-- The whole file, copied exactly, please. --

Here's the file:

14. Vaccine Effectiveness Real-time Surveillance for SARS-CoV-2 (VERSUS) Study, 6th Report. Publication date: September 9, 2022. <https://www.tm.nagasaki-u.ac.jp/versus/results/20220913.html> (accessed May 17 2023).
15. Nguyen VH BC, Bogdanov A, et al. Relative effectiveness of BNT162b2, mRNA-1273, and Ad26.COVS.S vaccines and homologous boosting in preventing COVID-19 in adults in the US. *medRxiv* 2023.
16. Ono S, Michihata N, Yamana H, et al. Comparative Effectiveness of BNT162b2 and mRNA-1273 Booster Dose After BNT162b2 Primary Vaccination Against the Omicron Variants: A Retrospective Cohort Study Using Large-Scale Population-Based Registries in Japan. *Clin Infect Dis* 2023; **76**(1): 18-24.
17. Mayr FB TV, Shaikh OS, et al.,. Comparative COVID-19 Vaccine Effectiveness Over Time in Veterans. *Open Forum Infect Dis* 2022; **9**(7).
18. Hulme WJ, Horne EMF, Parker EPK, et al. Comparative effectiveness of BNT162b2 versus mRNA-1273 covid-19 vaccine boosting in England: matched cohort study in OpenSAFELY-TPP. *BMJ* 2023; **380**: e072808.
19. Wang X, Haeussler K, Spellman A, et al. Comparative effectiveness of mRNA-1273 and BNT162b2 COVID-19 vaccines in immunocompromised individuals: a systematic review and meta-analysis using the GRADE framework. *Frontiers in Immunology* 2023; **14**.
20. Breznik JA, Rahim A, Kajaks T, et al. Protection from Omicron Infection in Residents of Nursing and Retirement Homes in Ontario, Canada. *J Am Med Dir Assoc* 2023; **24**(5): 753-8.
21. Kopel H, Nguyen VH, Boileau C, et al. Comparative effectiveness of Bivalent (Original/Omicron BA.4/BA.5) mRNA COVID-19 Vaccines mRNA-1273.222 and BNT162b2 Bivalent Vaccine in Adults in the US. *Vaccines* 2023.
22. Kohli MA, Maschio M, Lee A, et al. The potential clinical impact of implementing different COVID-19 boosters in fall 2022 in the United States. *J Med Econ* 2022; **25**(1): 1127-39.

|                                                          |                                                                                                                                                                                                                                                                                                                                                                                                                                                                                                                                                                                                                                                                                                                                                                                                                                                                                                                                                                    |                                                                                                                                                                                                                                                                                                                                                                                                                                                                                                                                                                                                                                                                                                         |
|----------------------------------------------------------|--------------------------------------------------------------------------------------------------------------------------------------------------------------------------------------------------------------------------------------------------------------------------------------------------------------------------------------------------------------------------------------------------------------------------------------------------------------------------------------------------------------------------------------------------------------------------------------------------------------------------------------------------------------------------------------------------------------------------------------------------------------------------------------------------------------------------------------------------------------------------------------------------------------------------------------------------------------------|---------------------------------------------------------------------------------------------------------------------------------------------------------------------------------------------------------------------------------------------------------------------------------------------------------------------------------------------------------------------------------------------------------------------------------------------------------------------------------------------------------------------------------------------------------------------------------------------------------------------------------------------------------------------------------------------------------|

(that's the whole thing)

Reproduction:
14. Vaccine Effectiveness Real-time Surveillance for SARS-CoV-2 (VERSUS) Study, 6th Report. Publication date: September 9, 2022. <https://www.tm.nagasaki-u.ac.jp/versus/results/20220913.html> (accessed May 17 2023).
15. Nguyen VH BC, Bogdanov A, et al. Relative effectiveness of BNT162b2, mRNA-1273, and Ad26.COVS.S vaccines and homologous boosting in preventing COVID-19 in adults in the US. *medRxiv* 2023.
16. Ono S, Michihata N, Yamana H, et al. Comparative Effectiveness of BNT162b2 and mRNA-1273 Booster Dose After BNT162b2 Primary Vaccination Against the Omicron Variants: A Retrospective Cohort Study Using Large-Scale Population-Based Registries in Japan. *Clin Infect Dis* 2023; **76**(1): 18-24.
17. Mayr FB TV, Shaikh OS, et al.,. Comparative COVID-19 Vaccine Effectiveness Over Time in Veterans. *Open Forum Infect Dis* 2022; **9**(7).
18. Hulme WJ, Horne EMF, Parker EPK, et al. Comparative effectiveness of BNT162b2 versus mRNA-1273 covid-19 vaccine boosting in England: matched cohort study in OpenSAFELY-TPP. *BMJ* 2023; **380**: e072808.
19. Wang X, Haeussler K, Spellman A, et al. Comparative effectiveness of mRNA-1273 and BNT162b2 COVID-19 vaccines in immunocompromised individuals: a systematic review and meta-analysis using the GRADE framework. *Frontiers in Immunology* 2023; **14**.
20. Breznik JA, Rahim A, Kajaks T, et al. Protection from Omicron Infection in Residents of Nursing and Retirement Homes in Ontario, Canada. *J Am Med Dir Assoc* 2023; **24**(5): 753-8.
21. Kopel H, Nguyen VH, Boileau C, et al. Comparative effectiveness of Bivalent (Original/Omicron BA.4/BA.5) mRNA COVID-19 Vaccines mRNA-1273.222 and BNT162b2 Bivalent Vaccine in Adults in the US. *Vaccines* 2023.
22. Kohli MA, Maschio M, Lee A, et al. The potential clinical impact of implementing different COVID-19 boosters in fall 2022 in the United States. *J Med Econ* 2022; **25**(1): 1127-39.

|                                                          |                                                                                                                                                                                                                                                                                                                                                                                                                                                                                                                                                                                                                                                                                                                                                                                                                                                                                                                                                                    |                                                                                                                                                                                                                                                                                                                                                                                                                                                                                                                                                                                                                                                                                                         |
|----------------------------------------------------------|--------------------------------------------------------------------------------------------------------------------------------------------------------------------------------------------------------------------------------------------------------------------------------------------------------------------------------------------------------------------------------------------------------------------------------------------------------------------------------------------------------------------------------------------------------------------------------------------------------------------------------------------------------------------------------------------------------------------------------------------------------------------------------------------------------------------------------------------------------------------------------------------------------------------------------------------------------------------|---------------------------------------------------------------------------------------------------------------------------------------------------------------------------------------------------------------------------------------------------------------------------------------------------------------------------------------------------------------------------------------------------------------------------------------------------------------------------------------------------------------------------------------------------------------------------------------------------------------------------------------------------------------------------------------------------------|